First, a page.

But that's not how most people see things. They think that people are better than frogs and fish--and implicitly, rich and famous people are the most important of all. And that's what's really dangerous and scary, the unstated view that some people are better than others, for it easily serves as fertilizer for prejudice, racism, injustice, and ultimately, tyranny.

We as a species need to radically shift our perspectives, to cut through all of these views and see clearly. This is the aim of Buddhism. I don't know what society needs.

I try my hardest to be the best Bodhisattva, father, husband, and priest, I can be. We do what we can, when we can. Sometimes that means not laughing at a crude joke, other times it means teaching the Dharma. In the meantime, the best advice I can give to combat such ignorance is, "Only go straight, don't know."

Image borrowed from Creative Commons flickr user: Bluedharma.

Sunday, August 12, 2012

You may never get a second chance

I know this sounds like a Head & Shoulders commercial, but when life gives us the opportunity to do something positive, if we can do it, we should. 

For instance, I was walking into CVS yesterday when I passed a paper towel lying in a parking spot. It was several feet behind me before I realized it, and figuring I would look pretty strange if I backtracked in the parking lot just to pick it up, I walked inside.

As I was making my way to the back of the store, the paper towel kept nagging at me. I should have picked it up, my conscience scolded. Okay, I admitted, I'll get it on the way out, and stood in line at the pharmacy department. My sense of guilt was relieved as I waited.

But when I made my way out of the store, there was a car parked over the paper towel! Drats!

What was I to do? Wait? Who knows how long that would take? And I certainly wasn't going to climb under the car to get the paper towel.

A couple of years ago, while I walked my dog around the block, I'd place all of the litter I found in a plastic bag. But I stopped because I started getting obsessed with picking up trash--attached, to use Buddhist terms. Really, I was way too interested in neighborhood trash; I couldn't walk three feet without stopping to fill my bag. I think there's a fine line between keeping your neighborhood clean and indulging in obsessions. Now, when I pass some garbage I'll pick it up if I can, but I won't go bonkers about it.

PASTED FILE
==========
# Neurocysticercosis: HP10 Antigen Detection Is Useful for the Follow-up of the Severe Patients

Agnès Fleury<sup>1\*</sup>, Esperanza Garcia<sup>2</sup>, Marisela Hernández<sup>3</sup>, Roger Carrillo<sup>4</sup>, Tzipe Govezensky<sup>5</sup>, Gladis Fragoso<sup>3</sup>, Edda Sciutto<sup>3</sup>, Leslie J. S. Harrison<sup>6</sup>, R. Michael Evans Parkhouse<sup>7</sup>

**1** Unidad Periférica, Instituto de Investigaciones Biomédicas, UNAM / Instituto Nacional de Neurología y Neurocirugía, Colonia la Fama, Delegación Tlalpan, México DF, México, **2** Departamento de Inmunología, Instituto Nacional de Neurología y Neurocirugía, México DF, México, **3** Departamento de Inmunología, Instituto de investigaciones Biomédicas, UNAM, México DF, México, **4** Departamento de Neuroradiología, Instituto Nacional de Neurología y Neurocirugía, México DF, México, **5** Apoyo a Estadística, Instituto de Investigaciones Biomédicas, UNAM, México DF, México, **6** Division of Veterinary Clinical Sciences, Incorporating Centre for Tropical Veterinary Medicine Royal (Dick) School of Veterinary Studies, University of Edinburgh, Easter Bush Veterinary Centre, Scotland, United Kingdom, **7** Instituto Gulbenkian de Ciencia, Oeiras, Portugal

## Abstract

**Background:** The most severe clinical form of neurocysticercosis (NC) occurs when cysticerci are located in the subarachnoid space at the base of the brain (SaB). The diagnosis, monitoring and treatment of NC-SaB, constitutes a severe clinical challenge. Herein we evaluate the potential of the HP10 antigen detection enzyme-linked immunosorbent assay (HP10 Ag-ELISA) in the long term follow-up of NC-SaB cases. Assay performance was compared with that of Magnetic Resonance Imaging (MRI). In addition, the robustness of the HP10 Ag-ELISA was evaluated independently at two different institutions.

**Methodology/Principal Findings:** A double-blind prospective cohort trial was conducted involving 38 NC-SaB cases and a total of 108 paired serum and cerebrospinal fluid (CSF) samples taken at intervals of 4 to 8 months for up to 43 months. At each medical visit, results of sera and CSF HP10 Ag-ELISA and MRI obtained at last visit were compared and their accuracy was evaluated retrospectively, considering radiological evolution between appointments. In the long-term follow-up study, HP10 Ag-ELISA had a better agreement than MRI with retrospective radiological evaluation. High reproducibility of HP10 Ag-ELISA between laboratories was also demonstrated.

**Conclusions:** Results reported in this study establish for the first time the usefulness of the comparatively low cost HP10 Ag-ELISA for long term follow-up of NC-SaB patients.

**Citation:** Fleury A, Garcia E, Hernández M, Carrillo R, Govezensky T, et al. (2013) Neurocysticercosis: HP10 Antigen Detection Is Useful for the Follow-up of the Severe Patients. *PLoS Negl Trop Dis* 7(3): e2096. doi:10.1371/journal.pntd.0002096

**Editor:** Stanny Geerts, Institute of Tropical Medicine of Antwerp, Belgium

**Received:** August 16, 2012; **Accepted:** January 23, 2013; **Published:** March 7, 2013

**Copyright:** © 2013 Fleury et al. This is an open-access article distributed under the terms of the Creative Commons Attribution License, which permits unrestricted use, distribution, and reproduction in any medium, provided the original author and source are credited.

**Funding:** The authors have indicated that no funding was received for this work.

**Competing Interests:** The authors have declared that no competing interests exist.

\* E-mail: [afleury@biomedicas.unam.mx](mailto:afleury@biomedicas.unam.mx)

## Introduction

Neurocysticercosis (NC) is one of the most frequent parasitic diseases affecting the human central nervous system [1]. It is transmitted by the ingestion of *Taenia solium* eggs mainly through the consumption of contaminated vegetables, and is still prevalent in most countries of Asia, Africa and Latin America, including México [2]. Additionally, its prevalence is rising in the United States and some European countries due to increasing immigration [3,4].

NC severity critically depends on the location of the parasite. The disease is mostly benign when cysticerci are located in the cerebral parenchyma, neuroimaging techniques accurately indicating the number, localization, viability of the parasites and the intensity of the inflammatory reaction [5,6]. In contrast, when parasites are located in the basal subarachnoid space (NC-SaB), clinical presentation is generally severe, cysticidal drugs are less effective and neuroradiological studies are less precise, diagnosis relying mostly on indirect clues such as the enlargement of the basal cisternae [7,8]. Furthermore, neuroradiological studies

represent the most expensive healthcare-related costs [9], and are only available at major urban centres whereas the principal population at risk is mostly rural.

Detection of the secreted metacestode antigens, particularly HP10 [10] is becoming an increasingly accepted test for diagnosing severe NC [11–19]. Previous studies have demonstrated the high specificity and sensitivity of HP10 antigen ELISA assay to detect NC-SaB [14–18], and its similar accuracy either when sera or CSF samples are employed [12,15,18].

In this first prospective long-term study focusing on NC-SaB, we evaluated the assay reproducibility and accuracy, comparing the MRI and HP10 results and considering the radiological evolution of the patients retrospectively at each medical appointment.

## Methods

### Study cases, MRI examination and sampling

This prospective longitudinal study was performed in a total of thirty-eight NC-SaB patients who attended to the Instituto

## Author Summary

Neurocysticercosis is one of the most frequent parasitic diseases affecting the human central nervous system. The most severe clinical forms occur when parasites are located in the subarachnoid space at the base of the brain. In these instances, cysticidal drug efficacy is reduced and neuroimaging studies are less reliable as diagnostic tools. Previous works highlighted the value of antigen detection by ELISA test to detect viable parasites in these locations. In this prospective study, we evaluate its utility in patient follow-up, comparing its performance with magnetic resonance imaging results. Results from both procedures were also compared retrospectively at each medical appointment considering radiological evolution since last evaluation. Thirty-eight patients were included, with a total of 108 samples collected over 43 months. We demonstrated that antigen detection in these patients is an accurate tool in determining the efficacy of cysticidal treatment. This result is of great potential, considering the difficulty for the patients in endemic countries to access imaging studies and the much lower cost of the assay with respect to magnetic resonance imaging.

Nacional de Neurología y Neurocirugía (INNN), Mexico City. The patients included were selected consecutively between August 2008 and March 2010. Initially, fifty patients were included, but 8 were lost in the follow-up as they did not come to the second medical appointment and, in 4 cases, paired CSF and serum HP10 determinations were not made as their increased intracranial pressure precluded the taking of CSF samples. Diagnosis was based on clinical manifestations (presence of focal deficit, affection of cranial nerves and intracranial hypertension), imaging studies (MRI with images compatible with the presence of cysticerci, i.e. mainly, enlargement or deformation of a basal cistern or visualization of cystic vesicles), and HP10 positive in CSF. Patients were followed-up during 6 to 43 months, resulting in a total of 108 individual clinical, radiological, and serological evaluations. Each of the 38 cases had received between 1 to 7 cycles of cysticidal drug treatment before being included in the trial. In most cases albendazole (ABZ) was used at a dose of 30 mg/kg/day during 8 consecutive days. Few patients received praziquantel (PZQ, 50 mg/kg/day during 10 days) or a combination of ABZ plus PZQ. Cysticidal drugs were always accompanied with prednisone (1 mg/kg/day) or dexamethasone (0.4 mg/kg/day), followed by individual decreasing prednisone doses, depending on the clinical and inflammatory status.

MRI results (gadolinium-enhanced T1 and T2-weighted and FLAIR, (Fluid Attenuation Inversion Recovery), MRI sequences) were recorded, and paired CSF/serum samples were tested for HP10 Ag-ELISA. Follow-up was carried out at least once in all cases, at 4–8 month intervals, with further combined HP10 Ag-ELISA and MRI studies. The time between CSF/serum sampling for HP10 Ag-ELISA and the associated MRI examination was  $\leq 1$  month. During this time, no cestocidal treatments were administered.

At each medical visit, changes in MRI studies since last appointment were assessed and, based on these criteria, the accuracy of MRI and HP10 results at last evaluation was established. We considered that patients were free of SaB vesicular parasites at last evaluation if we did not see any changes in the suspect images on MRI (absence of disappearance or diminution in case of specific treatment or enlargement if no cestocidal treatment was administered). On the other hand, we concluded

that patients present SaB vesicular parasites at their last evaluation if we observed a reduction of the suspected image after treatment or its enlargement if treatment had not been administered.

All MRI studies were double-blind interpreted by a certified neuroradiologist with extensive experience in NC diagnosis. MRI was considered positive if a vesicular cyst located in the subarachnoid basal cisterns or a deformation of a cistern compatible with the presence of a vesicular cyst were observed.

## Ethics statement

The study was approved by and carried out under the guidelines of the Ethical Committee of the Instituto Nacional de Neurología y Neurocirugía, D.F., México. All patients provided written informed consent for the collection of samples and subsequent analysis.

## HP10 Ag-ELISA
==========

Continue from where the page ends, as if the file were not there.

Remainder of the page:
But the "paper towel incident" wasn't a waste; it taught me that if you have the chance to do something good, do it. Don't check, and at the risk of now sounding like a Nike ad, just do it.

Photo borrowed from Creative Commons flickr usr: shaggyshoo.

Wednesday, August 8, 2012

Fazang's Mirror House

I'm preparing to teach a course on Hua-yen Buddhism for the fall term at the Buddhist Studies Institute - Los Angeles, and so last night I was trying to find some cool resources. I stumbled upon this video, which I saw about a year ago. I figured I'd share it. It illustrates the marvelous, interconnected wonder that Hua-yen Buddhism describes. Enjoy.

Wednesday, August 1, 2012

Dharma at 45 mph

On the way home from my daughter's karate class on Monday, she said, "Do you see the air, Daddy?" I knew that she was kidding, and so I naturally played along.

"Yeah," I said, not realizing the full import of what I had just said. And then out of nowhere it hit me--I did see the air. I can't put the realization into words because it will sound too philosophical, and the experience was much more immediate than that.

Looking at the houses whir by, I realized that I was seeing the air. The houses and trees and grass that I saw were only visible because of the air's transparency, so when I saw, say, a car, I was seeing the car and the air and all of the other conditions that were present which allowed me to see. I was seeing my eyes and my mind and the sun and earth.

It was all there. All of it, the whole darn symphony. And none of this occurred on an intellectual level; it was all unmediated. Just whoosh! 

Later, when I told my wife, the scientific skeptic, she disagreed and rattled off some scientific answer about vacuums, space, and air.

But that was beside the point. The point is, in the moment I saw the air in those houses zooming by. It was all there, unobstructed. Still later, this made me think of Huayen Buddhism and the Avatamsaka Sutra, which teaches that all dharmas, even the smallest atoms, contain the entire cosmos. Everything is the Absolute.

In my car on Monday, I stared in wonder at the universe unfolding in front of me in the form of 60's-style Cape Cods and speeding traffic.

And then I arrived home and ate dinner. Perfectly spectacular and perfectly ordinary at the same time.

Photo borrowed from Creative Commons flickr user: Dave Bleasdale.